Sunday, November 05, 2017

Assessing the Controversial/ Disastrous/Fabulous Italian Wine Harvest of 2017

Here we are – November 5, 2017 – for the most part the Italian wine harvest is over. And while we’re months and years away from practically determining just how successful (or disastrous) the 2017 harvest was, that hasn’t kept journalists, bloggers, winemakers, even P.R. wonks, from shouting claims from their respective vantage points. Like nervous hens, tut-tutting over every oeuvre, we have heard that it is a “disaster,” a “perfect storm,” a “vintage the likes of which we haven’t seen since the end of World War II” and “Hey, it wasn’t all that bad!” So how bad (or good) was it? What happened? How about a 3-point harvest report pop quiz - let’s see what the experts say?

[Answers below at the end of the post]

1) Who said this and over which vintage did they say it?

a) As the last grapes to be harvested and crushed complete the final phases of their fermentation, Italian producers are beginning to take stock of a vintage which will undoubtedly go down in the annals as one of the most unusual of the entire post-war period, if not of the entire last century. And this not so much as a result of the quality of the wines, which looks to be reasonably good, with more than a few peaks of excellence in various parts of the country, as of the weather, unremittingly and uninterruptedly torrid and dry from the beginning of June until the end of September.

b) "After severe heat and drought in the second part of August, which caused plant stress that greatly lowered yields, 20xx is expected to be 10-25% down in terms of quantity.
‘The Italian 20xx Harvest will probably be at an all-time low’ in terms of quantity, according to harvest reports just released by UIV (Unione Italiana Vini) and ISMEA (Istituto di Servizi per il Mercato Agricolo Alimentare).
The heat in the latter part of August also led to a very early harvest in much of Italy.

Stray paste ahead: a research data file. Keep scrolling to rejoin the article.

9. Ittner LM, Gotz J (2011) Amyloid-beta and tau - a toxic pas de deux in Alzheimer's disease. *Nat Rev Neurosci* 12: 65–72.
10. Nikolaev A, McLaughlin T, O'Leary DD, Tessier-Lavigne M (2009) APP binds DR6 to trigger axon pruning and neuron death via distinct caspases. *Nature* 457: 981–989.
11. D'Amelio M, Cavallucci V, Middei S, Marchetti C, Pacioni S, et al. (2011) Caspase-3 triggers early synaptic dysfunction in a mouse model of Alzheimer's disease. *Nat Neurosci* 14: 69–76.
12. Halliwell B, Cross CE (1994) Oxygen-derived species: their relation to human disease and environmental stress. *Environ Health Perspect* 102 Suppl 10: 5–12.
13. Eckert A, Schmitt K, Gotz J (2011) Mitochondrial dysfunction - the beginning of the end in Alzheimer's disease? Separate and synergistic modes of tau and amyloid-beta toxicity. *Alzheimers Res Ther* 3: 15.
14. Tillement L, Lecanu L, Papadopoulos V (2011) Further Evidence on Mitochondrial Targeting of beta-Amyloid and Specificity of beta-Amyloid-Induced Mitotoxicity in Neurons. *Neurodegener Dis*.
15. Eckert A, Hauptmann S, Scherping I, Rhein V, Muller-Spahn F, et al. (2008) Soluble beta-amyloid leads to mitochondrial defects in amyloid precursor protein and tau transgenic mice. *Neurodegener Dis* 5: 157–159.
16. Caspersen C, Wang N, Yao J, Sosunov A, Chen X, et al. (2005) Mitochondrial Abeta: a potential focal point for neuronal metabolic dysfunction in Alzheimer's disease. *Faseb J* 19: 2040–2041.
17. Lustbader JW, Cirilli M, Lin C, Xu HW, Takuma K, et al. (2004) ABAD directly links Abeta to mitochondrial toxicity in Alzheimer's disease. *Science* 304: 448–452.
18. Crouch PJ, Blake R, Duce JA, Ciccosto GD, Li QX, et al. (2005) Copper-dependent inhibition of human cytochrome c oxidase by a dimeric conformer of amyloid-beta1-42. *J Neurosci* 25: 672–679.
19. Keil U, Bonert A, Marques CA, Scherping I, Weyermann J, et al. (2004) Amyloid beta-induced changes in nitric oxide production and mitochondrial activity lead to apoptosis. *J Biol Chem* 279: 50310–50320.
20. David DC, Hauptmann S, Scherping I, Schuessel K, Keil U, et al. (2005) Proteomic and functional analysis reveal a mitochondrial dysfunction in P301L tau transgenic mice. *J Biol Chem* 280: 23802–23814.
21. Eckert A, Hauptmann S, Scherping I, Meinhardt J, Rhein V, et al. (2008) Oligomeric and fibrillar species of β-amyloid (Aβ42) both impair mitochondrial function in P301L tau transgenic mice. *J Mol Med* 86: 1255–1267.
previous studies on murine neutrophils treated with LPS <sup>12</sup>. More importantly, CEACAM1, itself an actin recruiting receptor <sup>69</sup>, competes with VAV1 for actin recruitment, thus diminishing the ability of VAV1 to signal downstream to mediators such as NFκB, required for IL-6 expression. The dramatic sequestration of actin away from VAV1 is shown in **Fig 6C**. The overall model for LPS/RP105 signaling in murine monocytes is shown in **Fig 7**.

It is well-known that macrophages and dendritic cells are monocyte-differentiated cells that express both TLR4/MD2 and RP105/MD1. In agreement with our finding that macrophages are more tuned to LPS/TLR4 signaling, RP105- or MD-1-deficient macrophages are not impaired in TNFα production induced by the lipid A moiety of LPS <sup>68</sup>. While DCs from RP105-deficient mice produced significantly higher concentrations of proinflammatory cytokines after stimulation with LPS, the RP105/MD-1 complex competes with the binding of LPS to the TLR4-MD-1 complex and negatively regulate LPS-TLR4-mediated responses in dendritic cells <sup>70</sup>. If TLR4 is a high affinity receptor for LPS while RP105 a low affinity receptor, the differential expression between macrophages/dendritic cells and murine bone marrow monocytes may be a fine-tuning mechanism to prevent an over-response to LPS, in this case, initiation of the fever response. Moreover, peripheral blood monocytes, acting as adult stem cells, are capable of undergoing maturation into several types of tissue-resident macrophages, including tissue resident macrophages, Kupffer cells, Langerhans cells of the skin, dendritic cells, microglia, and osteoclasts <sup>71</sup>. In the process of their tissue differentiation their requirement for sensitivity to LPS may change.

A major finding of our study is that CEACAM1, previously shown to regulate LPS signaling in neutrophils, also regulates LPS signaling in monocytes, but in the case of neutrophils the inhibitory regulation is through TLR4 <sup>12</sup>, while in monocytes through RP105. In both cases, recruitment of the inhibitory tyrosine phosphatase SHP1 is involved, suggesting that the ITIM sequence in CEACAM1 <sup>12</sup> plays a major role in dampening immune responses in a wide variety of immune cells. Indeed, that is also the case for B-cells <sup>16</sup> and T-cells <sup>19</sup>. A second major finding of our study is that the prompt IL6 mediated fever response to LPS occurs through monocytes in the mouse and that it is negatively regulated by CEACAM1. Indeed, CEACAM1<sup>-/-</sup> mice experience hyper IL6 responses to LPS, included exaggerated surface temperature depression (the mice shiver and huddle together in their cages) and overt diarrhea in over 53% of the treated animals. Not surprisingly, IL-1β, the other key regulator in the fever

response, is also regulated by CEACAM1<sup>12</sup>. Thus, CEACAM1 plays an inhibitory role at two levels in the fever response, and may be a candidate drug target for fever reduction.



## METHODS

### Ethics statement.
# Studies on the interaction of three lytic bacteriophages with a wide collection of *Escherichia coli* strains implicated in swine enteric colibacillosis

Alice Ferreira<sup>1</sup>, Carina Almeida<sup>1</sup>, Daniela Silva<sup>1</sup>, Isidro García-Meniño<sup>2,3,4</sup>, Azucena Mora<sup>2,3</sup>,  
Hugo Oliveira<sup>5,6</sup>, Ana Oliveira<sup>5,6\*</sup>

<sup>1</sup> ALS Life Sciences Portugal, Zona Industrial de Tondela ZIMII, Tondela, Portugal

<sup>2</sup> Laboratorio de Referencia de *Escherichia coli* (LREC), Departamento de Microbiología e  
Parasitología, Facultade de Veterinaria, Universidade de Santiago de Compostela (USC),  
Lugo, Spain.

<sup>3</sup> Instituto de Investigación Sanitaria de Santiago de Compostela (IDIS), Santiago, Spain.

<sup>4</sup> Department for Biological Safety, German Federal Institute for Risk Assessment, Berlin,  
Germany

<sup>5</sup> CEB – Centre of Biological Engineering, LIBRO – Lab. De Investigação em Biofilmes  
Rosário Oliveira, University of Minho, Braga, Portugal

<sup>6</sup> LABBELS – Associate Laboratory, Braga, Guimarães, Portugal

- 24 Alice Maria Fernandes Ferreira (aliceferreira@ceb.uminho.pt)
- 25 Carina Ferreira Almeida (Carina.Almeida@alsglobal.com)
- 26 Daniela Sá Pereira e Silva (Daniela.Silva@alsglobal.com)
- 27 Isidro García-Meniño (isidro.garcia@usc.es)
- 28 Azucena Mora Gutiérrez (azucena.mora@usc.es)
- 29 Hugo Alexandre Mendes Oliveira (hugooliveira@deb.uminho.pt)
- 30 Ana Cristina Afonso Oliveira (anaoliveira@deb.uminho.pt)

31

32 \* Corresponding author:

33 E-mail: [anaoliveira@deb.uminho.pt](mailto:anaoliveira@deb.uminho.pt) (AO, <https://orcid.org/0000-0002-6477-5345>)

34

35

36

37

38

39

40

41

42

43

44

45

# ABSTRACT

‘We started the harvest 20 days earlier than normal this year, the earliest ever for my winery,’ Pio Boffa of Piedmont’s Pio Cesare winery said.
Andrea Cecchi, whose family makes wine throughout Tuscany, says production will be between 10-25% lower this year. ‘Not only were there fewer grape bunches, but the yields from grape to wine are much lower because the grapes held less juice.’"

2) Line up the total wine grape harvest production (in hectoliters) with the year they were harvested

3)The Italian wine establishment is concerned – the Association of Italian Enologists, Assoenologi, issued warnings about low quantities. Which vintage are they talking about when they state, “The poorest harvest since 1950 (La vendemmia piĆ¹ scarsa dal 1950)”
a) 2017
b) 2012

Had enough? We can’t even agree on quantity (and really, how could we determine, to the nth level, such massive numbers with such exacting certitude? “Lies, damned lies, and statistics." And we’re not even talking quality.

Quality, oh quality. The crystal-catnip ball for the online oracles in search of greater eyes, hits, likes. And there are no statistics to refute, just intuition, a feeling, years of divining such things for the unwashed masses. More hogwash. How about, “Your guess is as good as mine.” Or let’s go one better. Take the time. Put the wine in your closet, cellar, under your bed, stashed away with a wine storage service. Doesn’t everyone need a concierge and curate service for their wines? If you have the money, they’ll add the time.